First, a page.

Bob planned this novel with Eric Del Carlo after they met and became friends in the French Quarter. They alternated chapters, Bob writing Maestro's viewpoint, Eric writing Bone's. What shines through both writers' prose is a love for the old French Quarter that existed before Katrina smashed in to alter it forever--a love that neither excuses nor attempts to conceal that city-within-a-city's dangers and disappointments.

Maestro's chapters are classic Asprin, this because Maestro is the classic Asprin hero ... just written a bit darker, more reminiscent of his Thieves World than his Myth Adventures. The inimitable Asprin humor is there throughout, along with the tension between student and mentor, and the journey of self-discovery that both of them take during the course of a friendship. Bone's chapters, written in Eric's distinctive voice, offer an acerbic contrast that works to complement and highlight Asprin's characterization of Maestro. The two characters, as did the two writers, work well together and push each other in new directions.

When Bill Fawcett offered the book to DarkStar, Bob and Eric had brought it to a third-draft level. Because both authors had other commitments, Bob had suggested that long-time friend and author Teresa Patterson, who was familiar with the French Quarter and its culture, give the book its final polish to smooth out its rough spots. We signed the contract ... and then, not long after, Robert Asprin--my friend and a friend to just about everyone who met him--closed his eyes for the last time.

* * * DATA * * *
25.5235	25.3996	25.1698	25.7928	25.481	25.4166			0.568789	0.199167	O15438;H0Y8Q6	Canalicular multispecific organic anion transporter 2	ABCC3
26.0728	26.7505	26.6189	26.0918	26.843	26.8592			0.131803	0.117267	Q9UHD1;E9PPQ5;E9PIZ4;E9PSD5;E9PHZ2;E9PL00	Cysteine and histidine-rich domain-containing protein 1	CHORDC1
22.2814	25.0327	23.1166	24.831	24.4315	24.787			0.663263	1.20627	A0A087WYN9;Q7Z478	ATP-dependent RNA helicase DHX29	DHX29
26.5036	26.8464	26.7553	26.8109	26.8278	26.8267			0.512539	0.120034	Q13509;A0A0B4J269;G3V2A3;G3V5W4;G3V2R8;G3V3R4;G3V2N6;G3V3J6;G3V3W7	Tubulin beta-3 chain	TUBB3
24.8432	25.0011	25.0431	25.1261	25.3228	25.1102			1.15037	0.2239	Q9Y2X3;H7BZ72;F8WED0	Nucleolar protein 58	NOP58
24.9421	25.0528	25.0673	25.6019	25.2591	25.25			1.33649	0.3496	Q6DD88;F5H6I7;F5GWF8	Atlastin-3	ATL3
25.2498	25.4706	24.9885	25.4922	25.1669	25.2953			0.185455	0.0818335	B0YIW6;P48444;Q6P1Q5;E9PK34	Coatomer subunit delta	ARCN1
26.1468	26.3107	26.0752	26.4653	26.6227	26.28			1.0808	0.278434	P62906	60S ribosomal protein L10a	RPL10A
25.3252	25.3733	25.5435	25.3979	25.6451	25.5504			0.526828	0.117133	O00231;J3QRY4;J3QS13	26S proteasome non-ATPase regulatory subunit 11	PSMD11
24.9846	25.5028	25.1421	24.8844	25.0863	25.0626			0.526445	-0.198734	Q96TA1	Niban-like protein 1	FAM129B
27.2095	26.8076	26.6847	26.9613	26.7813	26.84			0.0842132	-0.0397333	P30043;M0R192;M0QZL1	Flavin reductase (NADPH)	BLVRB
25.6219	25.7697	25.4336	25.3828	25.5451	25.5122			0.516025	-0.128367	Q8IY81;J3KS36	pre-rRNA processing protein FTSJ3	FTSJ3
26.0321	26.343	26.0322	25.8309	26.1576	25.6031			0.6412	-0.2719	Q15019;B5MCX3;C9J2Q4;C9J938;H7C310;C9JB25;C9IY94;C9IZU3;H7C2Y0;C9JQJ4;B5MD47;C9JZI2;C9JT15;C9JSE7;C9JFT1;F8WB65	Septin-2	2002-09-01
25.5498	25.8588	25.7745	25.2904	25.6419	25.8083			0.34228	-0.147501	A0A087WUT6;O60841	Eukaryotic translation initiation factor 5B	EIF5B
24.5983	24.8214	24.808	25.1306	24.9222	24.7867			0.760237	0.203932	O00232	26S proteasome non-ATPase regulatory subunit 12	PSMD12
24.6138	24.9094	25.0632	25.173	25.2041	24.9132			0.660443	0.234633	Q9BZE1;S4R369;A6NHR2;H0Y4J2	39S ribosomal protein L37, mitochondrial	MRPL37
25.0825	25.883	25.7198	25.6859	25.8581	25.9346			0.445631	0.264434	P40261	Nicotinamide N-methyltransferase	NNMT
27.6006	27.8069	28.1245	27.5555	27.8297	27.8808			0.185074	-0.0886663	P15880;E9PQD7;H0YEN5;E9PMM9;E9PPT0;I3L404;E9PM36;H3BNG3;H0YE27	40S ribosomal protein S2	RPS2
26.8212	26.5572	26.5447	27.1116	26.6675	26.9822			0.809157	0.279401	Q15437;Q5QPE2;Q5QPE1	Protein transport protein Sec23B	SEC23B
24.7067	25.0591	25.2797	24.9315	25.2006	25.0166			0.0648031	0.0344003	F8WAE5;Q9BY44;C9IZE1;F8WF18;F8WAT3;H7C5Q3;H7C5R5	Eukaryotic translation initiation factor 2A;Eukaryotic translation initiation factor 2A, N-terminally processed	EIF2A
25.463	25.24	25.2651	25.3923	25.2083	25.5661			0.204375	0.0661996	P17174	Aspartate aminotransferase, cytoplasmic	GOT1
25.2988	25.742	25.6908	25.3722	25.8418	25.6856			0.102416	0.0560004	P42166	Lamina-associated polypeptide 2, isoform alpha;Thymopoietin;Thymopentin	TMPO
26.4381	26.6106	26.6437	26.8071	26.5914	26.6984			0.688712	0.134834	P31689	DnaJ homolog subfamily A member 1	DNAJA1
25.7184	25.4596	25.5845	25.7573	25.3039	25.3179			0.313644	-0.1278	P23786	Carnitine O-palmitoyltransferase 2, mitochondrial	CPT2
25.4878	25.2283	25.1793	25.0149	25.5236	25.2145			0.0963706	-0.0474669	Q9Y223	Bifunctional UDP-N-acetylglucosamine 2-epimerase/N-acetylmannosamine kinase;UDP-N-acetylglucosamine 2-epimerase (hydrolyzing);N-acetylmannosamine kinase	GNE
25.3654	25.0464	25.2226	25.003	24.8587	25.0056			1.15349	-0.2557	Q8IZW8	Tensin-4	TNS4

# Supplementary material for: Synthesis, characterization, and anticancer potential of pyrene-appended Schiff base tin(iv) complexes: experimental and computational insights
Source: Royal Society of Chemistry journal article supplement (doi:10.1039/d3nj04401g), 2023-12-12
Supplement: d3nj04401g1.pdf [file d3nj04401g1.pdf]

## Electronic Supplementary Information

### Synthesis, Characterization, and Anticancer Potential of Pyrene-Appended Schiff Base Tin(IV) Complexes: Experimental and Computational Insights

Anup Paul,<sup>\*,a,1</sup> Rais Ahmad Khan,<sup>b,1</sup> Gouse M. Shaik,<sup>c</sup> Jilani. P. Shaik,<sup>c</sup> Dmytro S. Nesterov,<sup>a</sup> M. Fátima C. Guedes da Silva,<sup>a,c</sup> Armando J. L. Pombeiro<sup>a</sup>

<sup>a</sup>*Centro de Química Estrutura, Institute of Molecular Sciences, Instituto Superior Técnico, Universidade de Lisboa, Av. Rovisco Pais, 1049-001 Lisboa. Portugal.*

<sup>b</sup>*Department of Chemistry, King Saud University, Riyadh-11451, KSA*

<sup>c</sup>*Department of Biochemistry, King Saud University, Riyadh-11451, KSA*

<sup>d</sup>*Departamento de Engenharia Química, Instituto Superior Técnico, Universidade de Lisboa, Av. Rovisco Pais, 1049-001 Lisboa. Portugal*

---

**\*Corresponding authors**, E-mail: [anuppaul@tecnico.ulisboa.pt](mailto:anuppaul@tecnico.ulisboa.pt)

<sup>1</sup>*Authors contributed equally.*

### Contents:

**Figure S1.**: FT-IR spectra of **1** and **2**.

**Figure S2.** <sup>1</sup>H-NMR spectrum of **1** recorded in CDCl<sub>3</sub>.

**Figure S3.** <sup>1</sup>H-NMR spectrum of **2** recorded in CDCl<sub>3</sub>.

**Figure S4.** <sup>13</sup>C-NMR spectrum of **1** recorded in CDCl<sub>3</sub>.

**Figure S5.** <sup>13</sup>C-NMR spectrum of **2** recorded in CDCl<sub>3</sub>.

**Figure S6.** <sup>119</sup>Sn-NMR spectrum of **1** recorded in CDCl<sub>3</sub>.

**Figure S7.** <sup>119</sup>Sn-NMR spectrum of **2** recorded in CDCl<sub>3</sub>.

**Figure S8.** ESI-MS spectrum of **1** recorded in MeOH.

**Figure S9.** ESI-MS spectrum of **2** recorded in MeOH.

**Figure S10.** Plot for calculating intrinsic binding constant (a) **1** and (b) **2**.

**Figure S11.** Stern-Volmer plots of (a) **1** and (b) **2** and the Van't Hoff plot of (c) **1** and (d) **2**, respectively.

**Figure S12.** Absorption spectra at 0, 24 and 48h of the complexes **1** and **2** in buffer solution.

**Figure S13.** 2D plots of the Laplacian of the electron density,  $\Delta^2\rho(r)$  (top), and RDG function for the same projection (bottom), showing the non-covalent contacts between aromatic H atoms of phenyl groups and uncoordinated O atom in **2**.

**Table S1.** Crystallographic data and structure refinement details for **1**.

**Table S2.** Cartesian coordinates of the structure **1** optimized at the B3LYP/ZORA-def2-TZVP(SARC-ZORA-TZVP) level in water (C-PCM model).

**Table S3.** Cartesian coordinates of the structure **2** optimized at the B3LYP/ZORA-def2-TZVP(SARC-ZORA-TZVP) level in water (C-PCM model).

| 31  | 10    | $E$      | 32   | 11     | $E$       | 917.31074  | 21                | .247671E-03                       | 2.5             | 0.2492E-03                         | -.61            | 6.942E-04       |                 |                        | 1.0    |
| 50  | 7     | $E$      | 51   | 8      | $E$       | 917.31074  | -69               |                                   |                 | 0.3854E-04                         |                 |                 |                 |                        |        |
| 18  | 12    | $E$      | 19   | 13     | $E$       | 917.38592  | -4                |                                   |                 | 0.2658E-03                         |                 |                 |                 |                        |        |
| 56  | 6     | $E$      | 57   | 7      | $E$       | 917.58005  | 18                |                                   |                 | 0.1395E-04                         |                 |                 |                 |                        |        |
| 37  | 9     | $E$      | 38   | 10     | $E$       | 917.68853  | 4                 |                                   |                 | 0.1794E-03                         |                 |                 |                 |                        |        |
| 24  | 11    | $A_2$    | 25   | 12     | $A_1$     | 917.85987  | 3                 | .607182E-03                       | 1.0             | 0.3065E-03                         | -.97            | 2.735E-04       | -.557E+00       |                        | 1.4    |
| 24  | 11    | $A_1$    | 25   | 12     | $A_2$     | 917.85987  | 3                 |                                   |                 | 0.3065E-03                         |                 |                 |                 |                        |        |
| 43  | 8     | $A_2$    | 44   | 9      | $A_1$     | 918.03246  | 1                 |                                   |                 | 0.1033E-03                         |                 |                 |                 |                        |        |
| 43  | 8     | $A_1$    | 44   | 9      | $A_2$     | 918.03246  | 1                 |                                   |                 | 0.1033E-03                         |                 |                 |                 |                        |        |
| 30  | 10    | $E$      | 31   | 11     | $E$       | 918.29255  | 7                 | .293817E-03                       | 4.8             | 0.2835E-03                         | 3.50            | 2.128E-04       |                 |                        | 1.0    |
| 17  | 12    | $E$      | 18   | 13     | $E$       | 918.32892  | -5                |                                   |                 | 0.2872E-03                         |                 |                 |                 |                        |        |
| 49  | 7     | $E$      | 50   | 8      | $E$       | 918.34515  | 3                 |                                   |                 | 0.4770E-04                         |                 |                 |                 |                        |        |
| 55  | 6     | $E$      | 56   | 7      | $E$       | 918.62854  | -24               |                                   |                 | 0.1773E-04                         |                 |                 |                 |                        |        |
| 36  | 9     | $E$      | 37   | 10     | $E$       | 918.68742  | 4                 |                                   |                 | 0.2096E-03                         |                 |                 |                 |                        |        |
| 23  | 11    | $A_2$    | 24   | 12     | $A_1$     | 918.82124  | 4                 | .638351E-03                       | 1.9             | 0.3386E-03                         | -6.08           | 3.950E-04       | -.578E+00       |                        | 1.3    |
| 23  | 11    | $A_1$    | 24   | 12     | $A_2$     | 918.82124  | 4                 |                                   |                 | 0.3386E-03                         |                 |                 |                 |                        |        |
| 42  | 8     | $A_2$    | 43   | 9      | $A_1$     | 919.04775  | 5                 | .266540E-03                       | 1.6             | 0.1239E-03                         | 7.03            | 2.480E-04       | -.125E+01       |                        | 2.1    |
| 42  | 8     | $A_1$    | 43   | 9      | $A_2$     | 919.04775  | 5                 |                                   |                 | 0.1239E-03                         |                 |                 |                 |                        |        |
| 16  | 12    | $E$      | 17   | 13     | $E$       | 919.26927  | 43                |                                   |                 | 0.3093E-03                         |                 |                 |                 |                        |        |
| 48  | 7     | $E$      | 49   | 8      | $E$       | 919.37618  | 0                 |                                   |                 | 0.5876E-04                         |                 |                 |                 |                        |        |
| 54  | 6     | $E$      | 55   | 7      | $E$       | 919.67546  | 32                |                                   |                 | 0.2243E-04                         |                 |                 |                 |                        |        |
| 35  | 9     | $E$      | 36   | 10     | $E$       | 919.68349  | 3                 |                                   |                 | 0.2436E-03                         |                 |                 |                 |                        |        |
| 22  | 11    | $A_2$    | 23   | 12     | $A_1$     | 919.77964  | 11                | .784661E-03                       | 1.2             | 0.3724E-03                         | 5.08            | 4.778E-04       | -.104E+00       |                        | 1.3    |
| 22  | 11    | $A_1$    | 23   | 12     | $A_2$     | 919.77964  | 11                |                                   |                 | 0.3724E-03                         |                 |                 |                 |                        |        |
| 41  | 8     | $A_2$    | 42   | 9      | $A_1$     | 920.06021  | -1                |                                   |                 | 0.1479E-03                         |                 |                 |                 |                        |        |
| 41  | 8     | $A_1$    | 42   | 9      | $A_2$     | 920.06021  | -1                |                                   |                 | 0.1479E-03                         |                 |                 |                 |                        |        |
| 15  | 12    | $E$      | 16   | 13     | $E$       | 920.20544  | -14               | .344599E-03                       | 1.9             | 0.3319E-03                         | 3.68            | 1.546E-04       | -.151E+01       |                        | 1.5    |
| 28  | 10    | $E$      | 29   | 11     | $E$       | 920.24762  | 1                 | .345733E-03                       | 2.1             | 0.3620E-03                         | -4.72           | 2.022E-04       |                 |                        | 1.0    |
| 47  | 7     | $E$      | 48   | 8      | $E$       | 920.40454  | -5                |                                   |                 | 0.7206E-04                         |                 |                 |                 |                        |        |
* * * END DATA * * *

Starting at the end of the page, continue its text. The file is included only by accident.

Despite that sad occurance, we pushed the project on to completion. Eric and Teresa's edits and refinements resulted in a novel that I believe is a fitting tribute to our friend, Bob Asprin. DarkStar published it in a quality trade paperback edition in November 2009.

Because the major chain stores are deadly serious about categories and placement, you'll likely find NO Quarter in the mystery section instead of the SF/F section beside Bob's other books--but make no mistake, it's an Asprin book, and in this editor's opinion, one of his finest works.

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Product Details

  • Perfect Paperback: 290 pages
  • Publisher: DarkStar Books; 1st edition (November 21, 2009)